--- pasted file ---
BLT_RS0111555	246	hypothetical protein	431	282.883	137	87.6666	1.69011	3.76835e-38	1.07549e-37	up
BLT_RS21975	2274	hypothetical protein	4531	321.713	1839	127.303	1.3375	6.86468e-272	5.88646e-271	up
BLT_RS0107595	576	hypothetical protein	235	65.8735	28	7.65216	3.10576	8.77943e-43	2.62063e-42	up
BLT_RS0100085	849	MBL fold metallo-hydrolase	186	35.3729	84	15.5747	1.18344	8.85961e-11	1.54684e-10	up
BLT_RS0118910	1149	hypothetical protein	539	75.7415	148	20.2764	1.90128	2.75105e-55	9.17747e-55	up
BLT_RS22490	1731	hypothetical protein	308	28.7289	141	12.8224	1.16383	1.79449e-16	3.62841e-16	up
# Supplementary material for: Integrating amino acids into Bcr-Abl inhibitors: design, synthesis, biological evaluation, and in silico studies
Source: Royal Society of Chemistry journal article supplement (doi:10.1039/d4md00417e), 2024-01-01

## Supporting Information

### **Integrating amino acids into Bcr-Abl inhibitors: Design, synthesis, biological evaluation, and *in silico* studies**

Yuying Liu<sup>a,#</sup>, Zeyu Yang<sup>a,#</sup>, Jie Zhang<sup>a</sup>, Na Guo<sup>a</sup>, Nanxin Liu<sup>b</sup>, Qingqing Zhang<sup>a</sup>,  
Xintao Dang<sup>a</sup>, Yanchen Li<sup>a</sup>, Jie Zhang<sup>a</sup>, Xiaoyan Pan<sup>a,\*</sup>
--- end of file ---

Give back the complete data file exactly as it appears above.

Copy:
BLT_RS0111555	246	hypothetical protein	431	282.883	137	87.6666	1.69011	3.76835e-38	1.07549e-37	up
BLT_RS21975	2274	hypothetical protein	4531	321.713	1839	127.303	1.3375	6.86468e-272	5.88646e-271	up
BLT_RS0107595	576	hypothetical protein	235	65.8735	28	7.65216	3.10576	8.77943e-43	2.62063e-42	up
BLT_RS0100085	849	MBL fold metallo-hydrolase	186	35.3729	84	15.5747	1.18344	8.85961e-11	1.54684e-10	up
BLT_RS0118910	1149	hypothetical protein	539	75.7415	148	20.2764	1.90128	2.75105e-55	9.17747e-55	up
BLT_RS22490	1731	hypothetical protein	308	28.7289	141	12.8224	1.16383	1.79449e-16	3.62841e-16	up
# Supplementary material for: Integrating amino acids into Bcr-Abl inhibitors: design, synthesis, biological evaluation, and in silico studies
Source: Royal Society of Chemistry journal article supplement (doi:10.1039/d4md00417e), 2024-01-01

## Supporting Information

### **Integrating amino acids into Bcr-Abl inhibitors: Design, synthesis, biological evaluation, and *in silico* studies**

Yuying Liu<sup>a,#</sup>, Zeyu Yang<sup>a,#</sup>, Jie Zhang<sup>a</sup>, Na Guo<sup>a</sup>, Nanxin Liu<sup>b</sup>, Qingqing Zhang<sup>a</sup>,  
Xintao Dang<sup>a</sup>, Yanchen Li<sup>a</sup>, Jie Zhang<sup>a</sup>, Xiaoyan Pan<sup>a,\*</sup>